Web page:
Posted on Monday 3 February 2020 by Ulster Business

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At the start of this year the government launched a review into the changes to IR35 legislation which will affect medium and large private sector organisations and have far-reaching impacts on the way they engage with non-permanent workers, writes John Moore, managing director, Hays NI.

The timeframe between the review and the reforms coming into effect in April is shorter than many would have liked but with the reforms now on the horizon, companies need to act, particularly those in sectors such as technology, construction and finance where use of contractors operating as personal services companies (PSCs) is common.

At a basic level, the reforms to IR35 legislation shift the responsibility of determining the tax status of personal services company workers to the company that engages them where previously they could self-certify. The original rules required the freelance contractor to determine their tax status, but HMRC believed non-compliance was common.

Now, if a person’s assignment falls outside of IR35 legislation, they are deemed to be self-employed, so gross payment will be made to the PSC. But if the assignment falls inside of IR35, the professional should be treated as an employee, applying PAYE and NIC deductions from their payment. In simple terms, the tax arrangements for contractors are changing so that they won’t get such a good deal if they can’t demonstrate their work is out of scope and employers will have to pay more for using and keeping what were previously non-payroll workers.

This will have a big effect on how people choose to work and who they choose to work for, not to mention how organisations plan and budget. An organisation’s policy towards contractors will affect how attractive they are to freelancers.

But on the other side we’ve already seen some risk averse companies adopt a blanket ban on freelancers just to be safe – meaning they are missing out on skilled professionals they need to deliver projects.

In Northern Ireland, as elsewhere, it’s likely the IR35 reforms will hit technology hardest, but the effects could be wide ranging across roles in construction, project management and finance.

We’ve heard anecdotal evidence of IT contractors leaving the big banks and starting to view early stage tech companies with less than 50 employees more favourably because they fall outside the scope of the legislation. When similar legislation was introduced in the public sector in 2017, hundreds of highly skilled contractors left roles to join organisations who were prepared, often leading to projects being scrapped.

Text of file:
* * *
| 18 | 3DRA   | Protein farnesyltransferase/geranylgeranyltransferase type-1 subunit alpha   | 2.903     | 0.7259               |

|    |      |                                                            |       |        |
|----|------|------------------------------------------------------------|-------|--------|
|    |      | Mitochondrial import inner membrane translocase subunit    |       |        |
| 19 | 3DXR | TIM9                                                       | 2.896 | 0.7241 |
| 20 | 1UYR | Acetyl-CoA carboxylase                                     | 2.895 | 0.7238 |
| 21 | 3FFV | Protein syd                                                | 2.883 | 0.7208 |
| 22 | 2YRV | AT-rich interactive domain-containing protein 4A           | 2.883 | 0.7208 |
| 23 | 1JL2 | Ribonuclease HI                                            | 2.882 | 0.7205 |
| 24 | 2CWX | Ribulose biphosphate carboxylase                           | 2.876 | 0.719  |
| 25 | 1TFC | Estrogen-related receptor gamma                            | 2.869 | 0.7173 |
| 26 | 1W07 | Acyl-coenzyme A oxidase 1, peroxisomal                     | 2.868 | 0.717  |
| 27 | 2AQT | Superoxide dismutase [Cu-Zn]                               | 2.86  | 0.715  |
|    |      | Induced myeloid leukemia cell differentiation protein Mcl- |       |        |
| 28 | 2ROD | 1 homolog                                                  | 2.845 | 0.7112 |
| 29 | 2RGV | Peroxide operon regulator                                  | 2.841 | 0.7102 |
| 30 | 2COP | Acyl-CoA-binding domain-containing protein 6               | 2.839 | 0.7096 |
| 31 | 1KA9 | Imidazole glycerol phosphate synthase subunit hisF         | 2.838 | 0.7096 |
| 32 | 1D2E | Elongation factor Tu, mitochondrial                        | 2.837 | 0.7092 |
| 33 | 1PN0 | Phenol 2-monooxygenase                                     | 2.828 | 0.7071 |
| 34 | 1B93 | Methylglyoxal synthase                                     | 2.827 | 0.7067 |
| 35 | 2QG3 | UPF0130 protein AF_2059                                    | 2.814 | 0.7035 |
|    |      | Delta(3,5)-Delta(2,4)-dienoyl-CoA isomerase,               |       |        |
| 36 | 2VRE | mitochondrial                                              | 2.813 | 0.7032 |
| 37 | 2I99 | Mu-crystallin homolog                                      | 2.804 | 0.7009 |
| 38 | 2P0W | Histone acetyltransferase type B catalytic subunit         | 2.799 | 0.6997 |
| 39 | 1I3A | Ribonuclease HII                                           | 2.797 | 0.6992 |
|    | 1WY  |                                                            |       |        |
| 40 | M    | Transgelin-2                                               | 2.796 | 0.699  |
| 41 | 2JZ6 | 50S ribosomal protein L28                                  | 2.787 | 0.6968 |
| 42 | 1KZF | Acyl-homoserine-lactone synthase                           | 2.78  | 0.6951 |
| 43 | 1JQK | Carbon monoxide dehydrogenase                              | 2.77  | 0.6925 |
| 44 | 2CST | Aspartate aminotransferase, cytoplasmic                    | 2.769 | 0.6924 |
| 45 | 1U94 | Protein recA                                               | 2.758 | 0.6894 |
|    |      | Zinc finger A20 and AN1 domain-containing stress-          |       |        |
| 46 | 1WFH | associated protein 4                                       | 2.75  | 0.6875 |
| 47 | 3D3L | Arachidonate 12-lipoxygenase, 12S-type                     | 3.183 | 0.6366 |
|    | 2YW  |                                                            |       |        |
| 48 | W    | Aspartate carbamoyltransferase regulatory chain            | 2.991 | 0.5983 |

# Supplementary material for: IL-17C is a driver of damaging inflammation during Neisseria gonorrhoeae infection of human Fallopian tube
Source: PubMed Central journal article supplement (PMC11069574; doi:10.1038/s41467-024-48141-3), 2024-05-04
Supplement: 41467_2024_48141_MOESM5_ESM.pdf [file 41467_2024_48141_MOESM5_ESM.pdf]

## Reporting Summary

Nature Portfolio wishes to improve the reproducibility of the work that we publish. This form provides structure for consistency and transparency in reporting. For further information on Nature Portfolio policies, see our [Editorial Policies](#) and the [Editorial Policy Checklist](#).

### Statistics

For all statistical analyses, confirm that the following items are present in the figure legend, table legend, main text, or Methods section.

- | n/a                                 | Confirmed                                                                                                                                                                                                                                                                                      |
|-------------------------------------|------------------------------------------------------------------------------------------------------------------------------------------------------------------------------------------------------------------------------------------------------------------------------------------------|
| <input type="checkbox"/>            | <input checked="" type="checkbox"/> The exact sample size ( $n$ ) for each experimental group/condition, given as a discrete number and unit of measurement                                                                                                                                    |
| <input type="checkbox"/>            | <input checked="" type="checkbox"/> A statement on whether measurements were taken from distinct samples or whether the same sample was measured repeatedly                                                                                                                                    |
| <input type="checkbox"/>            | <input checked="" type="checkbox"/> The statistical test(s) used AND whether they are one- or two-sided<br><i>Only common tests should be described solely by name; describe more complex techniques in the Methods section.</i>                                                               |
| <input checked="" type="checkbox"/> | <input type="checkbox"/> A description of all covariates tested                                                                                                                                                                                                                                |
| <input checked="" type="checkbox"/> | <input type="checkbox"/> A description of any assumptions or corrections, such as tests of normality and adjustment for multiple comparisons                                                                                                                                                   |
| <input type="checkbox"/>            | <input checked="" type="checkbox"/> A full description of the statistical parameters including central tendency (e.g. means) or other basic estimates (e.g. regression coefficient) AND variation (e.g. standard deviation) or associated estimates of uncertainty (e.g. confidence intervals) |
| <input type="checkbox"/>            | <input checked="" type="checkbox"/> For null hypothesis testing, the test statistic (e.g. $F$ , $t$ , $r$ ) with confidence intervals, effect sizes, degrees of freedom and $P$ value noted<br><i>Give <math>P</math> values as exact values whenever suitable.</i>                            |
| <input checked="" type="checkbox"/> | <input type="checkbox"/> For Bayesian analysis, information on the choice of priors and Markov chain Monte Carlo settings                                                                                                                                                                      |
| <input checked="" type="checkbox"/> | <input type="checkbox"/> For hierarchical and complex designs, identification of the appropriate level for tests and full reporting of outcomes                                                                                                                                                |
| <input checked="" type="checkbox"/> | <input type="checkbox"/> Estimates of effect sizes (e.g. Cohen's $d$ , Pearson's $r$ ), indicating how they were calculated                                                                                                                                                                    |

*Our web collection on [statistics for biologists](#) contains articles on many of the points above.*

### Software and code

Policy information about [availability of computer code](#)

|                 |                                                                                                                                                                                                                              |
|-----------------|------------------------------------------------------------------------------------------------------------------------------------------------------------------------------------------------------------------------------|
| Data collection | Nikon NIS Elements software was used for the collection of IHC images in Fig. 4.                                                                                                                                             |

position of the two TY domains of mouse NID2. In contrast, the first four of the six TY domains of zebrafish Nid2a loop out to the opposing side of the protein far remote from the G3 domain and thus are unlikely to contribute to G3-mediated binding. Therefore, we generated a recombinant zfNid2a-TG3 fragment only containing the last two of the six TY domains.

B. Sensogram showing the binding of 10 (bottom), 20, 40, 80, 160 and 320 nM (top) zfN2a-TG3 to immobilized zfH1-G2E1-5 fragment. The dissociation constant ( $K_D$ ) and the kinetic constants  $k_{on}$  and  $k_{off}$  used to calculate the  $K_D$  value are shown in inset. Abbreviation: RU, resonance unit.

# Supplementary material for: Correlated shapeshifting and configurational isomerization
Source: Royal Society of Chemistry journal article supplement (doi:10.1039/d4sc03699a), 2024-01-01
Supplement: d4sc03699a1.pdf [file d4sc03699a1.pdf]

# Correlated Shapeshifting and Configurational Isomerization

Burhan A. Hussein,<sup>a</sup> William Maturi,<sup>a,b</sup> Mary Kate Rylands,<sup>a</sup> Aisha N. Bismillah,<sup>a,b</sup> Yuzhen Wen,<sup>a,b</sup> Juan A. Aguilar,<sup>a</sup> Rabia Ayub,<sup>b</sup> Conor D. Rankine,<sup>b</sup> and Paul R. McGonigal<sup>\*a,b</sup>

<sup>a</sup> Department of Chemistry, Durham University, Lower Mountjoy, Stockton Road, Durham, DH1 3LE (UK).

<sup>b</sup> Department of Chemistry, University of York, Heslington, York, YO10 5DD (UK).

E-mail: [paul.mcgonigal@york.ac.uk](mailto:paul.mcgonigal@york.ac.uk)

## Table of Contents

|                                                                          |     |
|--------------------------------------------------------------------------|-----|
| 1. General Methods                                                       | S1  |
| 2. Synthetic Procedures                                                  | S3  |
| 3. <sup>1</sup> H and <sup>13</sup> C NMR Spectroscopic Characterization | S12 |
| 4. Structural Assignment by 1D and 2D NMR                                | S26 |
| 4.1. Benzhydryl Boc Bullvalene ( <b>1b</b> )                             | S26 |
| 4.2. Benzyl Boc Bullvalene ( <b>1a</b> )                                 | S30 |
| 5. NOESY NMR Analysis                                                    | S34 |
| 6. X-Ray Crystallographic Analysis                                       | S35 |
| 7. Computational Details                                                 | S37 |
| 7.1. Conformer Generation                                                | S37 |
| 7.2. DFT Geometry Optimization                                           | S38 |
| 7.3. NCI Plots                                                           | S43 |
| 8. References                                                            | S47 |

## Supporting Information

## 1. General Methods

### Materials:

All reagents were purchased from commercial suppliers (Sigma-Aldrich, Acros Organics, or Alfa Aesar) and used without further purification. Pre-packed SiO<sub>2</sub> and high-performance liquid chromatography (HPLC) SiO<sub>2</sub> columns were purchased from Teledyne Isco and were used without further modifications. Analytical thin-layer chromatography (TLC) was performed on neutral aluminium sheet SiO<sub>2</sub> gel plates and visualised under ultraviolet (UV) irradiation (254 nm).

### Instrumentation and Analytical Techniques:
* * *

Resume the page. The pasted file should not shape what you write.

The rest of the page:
Now the private sector is catching up, preparation is key and anyone who hasn’t done a review of what it means for their capacity should do so urgently. A Hays survey showed 68% of private sector firms expect cost increases when IR35 reforms come into effect, 56% expect to lose key talent and 46% think it will be harder to bring in non-permanent workers. A third of organisations surveyed were completely unaware of the reforms – a big concern given how tight the labour market is.

So, first you need to determine whether assignments are inside or outside of IR35. You need to have full visibility of all workers your organisation engages who are paid via agencies and consultancies as well as knowledge of how they are paid.

You will also need to have the expertise to determine the tax status of each assignment. When you know that you can then start communicating with freelance workers, renegotiating working arrangements, standardising onboarding procedures and deciding if any specialist skills need to be brought in house to get projects over the line.

If you expect to use a high volume of temporary workers in 2020, outsourcing your temporary worker provision through a managed services programme could be an option, as an expert would carry out accurate assessments for every temporary worker placed with you.

Whatever stage you are at, don’t ignore IR35. It’s coming and you need to understand it.

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